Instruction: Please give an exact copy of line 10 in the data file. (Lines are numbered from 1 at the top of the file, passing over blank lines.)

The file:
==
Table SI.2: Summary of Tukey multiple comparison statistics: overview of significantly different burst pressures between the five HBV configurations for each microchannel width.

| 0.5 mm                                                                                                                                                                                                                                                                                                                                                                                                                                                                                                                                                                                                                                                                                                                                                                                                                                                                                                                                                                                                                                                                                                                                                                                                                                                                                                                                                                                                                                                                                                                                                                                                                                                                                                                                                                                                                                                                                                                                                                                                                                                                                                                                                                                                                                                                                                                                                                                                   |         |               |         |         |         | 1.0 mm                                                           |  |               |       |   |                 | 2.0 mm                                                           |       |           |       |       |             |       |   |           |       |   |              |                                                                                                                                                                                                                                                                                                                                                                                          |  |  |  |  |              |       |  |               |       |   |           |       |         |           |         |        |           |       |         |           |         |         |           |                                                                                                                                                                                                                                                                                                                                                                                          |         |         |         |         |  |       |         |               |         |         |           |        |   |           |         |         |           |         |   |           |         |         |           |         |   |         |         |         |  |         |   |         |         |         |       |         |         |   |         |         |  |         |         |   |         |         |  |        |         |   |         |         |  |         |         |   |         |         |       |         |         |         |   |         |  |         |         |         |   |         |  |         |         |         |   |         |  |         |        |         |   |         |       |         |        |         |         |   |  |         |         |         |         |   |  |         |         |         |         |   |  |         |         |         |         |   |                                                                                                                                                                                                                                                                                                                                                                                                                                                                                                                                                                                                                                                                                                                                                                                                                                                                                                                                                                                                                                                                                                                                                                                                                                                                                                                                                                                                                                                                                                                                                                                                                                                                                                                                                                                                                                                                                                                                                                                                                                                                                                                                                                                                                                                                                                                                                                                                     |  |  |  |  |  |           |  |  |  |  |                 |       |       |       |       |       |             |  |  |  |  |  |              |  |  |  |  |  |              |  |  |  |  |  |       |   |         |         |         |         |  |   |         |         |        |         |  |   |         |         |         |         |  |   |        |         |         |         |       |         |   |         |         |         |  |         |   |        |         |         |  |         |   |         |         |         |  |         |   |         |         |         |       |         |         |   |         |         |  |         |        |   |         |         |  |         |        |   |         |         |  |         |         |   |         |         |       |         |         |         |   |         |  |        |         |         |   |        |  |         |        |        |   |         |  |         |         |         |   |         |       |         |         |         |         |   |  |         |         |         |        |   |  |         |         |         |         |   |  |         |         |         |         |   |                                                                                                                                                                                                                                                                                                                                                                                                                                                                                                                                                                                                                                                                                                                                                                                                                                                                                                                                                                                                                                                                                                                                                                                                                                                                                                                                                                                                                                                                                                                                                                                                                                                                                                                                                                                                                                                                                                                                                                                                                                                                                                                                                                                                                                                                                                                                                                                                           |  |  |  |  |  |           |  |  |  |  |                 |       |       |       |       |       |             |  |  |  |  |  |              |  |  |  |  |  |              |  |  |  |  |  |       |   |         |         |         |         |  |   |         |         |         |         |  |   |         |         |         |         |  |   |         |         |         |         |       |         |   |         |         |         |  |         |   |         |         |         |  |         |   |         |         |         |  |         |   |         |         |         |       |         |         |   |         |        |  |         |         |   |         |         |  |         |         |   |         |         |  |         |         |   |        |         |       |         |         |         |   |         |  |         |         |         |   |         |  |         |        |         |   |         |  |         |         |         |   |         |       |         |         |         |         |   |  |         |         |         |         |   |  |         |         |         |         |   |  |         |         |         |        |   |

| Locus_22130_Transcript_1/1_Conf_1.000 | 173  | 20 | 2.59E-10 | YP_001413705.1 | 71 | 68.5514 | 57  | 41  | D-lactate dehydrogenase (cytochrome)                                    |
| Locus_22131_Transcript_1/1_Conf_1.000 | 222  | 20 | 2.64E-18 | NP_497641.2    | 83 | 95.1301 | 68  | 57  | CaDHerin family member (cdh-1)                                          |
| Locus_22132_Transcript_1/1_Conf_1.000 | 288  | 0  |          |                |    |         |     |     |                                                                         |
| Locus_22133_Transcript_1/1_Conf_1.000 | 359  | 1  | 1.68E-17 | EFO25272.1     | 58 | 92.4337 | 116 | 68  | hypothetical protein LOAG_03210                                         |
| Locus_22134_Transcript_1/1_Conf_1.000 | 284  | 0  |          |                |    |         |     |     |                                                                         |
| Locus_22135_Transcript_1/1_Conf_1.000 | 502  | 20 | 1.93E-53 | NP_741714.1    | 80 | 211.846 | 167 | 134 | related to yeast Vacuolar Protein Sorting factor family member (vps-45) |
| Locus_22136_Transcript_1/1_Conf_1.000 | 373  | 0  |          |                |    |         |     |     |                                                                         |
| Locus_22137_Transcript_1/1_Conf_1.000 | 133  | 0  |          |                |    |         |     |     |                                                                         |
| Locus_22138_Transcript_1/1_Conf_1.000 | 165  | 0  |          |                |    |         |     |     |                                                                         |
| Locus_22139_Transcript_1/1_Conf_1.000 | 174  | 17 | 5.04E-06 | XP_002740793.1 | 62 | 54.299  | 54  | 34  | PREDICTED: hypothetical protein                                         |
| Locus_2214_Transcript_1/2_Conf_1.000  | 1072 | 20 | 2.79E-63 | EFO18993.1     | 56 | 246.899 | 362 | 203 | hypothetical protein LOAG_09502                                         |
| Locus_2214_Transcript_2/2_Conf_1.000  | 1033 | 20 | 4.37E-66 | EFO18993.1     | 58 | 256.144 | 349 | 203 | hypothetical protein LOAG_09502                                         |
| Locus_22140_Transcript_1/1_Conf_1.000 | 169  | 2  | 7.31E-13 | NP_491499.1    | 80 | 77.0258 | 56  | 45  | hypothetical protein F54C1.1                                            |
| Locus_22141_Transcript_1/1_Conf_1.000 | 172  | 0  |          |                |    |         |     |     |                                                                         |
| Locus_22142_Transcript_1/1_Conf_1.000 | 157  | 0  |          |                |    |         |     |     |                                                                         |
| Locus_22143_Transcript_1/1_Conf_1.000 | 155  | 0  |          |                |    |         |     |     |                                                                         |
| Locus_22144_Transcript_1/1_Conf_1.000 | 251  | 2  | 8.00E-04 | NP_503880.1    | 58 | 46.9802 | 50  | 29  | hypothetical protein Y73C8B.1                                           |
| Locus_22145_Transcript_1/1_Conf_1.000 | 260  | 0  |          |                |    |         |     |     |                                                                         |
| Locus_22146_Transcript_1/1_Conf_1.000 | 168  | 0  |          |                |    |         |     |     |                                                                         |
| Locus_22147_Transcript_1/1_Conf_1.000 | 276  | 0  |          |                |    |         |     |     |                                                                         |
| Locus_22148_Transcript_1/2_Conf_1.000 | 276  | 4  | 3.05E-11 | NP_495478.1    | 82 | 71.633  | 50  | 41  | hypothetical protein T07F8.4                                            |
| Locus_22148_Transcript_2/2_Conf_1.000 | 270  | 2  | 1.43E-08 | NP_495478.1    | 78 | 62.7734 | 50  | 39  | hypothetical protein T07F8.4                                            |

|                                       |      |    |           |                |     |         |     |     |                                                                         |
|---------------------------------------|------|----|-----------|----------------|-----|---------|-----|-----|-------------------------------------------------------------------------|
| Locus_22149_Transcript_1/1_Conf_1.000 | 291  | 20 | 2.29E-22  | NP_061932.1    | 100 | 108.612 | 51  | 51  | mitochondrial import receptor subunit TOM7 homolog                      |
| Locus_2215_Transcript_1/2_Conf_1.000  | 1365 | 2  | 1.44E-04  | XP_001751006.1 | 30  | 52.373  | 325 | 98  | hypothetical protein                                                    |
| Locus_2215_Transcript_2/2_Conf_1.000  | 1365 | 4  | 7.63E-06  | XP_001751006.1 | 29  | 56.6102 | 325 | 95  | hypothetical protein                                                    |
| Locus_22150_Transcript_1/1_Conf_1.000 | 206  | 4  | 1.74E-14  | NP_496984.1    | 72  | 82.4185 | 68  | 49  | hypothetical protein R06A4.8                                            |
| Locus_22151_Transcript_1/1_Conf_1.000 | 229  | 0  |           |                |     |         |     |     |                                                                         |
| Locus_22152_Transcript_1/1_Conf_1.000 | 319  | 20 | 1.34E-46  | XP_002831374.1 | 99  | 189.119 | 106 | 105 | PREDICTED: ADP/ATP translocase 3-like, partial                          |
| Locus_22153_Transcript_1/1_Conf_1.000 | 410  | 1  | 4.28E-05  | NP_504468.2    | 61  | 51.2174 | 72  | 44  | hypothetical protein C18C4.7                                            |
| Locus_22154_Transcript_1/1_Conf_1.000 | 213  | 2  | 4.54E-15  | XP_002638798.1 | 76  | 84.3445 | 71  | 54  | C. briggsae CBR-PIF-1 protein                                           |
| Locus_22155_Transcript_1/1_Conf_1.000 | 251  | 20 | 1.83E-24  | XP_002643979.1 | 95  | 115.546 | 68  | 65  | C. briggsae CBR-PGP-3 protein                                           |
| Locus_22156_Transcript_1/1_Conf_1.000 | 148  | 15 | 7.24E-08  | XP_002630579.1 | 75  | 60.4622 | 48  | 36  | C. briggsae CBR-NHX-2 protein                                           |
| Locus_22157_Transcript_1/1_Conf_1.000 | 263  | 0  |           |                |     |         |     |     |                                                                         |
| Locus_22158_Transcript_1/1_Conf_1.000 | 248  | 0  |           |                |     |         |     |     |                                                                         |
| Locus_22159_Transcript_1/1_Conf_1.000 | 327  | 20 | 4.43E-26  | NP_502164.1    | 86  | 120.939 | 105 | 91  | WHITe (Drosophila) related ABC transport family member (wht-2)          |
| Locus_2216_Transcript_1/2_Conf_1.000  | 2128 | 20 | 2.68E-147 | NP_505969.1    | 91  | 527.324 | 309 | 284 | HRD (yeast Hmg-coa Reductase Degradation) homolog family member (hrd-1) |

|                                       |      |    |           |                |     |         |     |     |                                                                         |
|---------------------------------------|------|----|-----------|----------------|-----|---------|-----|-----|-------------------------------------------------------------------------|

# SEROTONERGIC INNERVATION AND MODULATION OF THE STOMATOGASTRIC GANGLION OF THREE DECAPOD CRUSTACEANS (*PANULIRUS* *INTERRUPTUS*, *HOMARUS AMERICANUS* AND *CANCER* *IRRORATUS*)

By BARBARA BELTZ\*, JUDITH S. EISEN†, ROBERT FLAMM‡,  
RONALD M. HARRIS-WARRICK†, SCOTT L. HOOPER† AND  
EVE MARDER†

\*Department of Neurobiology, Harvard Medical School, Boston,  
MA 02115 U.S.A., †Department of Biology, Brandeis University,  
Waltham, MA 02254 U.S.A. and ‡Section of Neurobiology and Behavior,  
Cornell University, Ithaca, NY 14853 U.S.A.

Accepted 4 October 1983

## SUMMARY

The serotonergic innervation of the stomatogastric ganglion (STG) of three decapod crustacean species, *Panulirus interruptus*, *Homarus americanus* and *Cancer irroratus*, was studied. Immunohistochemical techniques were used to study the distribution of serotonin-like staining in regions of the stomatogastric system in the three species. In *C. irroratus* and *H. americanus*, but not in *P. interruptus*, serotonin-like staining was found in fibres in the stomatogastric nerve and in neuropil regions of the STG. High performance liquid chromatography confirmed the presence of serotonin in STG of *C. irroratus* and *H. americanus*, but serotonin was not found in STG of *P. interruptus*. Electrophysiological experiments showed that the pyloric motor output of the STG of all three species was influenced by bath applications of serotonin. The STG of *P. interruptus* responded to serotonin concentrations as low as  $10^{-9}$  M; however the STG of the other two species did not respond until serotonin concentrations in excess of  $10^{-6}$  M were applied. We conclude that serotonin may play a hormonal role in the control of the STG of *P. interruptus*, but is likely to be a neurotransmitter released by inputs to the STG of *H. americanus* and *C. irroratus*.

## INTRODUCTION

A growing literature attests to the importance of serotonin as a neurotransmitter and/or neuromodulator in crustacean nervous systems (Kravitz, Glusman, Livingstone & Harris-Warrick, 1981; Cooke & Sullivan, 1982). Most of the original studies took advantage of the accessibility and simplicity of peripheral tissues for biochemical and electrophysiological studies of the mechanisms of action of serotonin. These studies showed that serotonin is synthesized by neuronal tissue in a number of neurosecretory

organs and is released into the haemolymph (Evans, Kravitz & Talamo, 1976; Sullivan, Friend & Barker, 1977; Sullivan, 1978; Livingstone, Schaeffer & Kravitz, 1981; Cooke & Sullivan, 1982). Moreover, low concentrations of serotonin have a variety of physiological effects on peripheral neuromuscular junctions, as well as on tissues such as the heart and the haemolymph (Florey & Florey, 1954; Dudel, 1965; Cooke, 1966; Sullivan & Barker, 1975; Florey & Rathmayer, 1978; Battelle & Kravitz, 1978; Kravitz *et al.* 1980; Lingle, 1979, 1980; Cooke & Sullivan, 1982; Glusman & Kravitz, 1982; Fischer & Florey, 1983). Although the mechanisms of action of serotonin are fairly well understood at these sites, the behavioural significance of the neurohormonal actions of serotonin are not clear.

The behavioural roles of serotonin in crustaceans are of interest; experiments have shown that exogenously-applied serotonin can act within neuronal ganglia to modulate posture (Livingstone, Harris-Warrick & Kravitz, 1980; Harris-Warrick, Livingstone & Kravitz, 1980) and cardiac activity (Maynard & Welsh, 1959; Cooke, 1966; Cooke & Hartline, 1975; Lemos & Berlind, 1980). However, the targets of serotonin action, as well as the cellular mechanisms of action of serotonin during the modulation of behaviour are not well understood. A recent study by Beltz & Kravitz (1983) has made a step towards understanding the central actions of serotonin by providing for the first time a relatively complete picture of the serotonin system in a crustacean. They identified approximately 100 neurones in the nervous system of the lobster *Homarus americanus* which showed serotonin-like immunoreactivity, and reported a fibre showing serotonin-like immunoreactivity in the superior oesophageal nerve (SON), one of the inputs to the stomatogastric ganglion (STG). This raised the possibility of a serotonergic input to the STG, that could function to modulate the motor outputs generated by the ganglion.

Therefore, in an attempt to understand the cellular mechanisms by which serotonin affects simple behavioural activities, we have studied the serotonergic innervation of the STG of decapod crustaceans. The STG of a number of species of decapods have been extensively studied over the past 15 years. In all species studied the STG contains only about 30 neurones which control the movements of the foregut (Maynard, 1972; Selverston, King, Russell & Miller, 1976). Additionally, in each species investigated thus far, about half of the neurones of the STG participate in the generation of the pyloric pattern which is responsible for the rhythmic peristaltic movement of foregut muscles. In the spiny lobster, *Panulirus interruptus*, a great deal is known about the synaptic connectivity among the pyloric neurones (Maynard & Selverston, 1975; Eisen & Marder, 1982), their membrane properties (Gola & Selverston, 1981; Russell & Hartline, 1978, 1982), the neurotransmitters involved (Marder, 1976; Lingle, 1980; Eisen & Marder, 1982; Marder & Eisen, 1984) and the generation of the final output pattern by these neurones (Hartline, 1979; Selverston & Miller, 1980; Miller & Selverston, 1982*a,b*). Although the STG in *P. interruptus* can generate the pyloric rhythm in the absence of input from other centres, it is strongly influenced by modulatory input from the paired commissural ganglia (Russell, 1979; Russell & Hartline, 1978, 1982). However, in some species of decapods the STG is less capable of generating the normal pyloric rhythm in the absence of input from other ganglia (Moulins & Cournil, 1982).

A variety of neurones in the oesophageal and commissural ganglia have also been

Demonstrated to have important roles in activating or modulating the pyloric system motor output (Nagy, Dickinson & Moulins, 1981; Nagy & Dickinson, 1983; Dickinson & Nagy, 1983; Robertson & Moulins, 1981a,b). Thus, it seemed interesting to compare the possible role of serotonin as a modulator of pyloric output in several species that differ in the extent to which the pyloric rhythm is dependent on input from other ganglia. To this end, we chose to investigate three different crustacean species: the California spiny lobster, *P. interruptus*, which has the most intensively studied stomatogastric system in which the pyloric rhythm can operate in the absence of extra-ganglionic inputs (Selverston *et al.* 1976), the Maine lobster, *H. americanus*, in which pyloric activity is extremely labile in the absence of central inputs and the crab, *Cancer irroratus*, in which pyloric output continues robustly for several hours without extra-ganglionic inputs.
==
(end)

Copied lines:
| Locus_22137_Transcript_1/1_Conf_1.000 | 133  | 0  |          |                |    |         |     |     |                                                                         |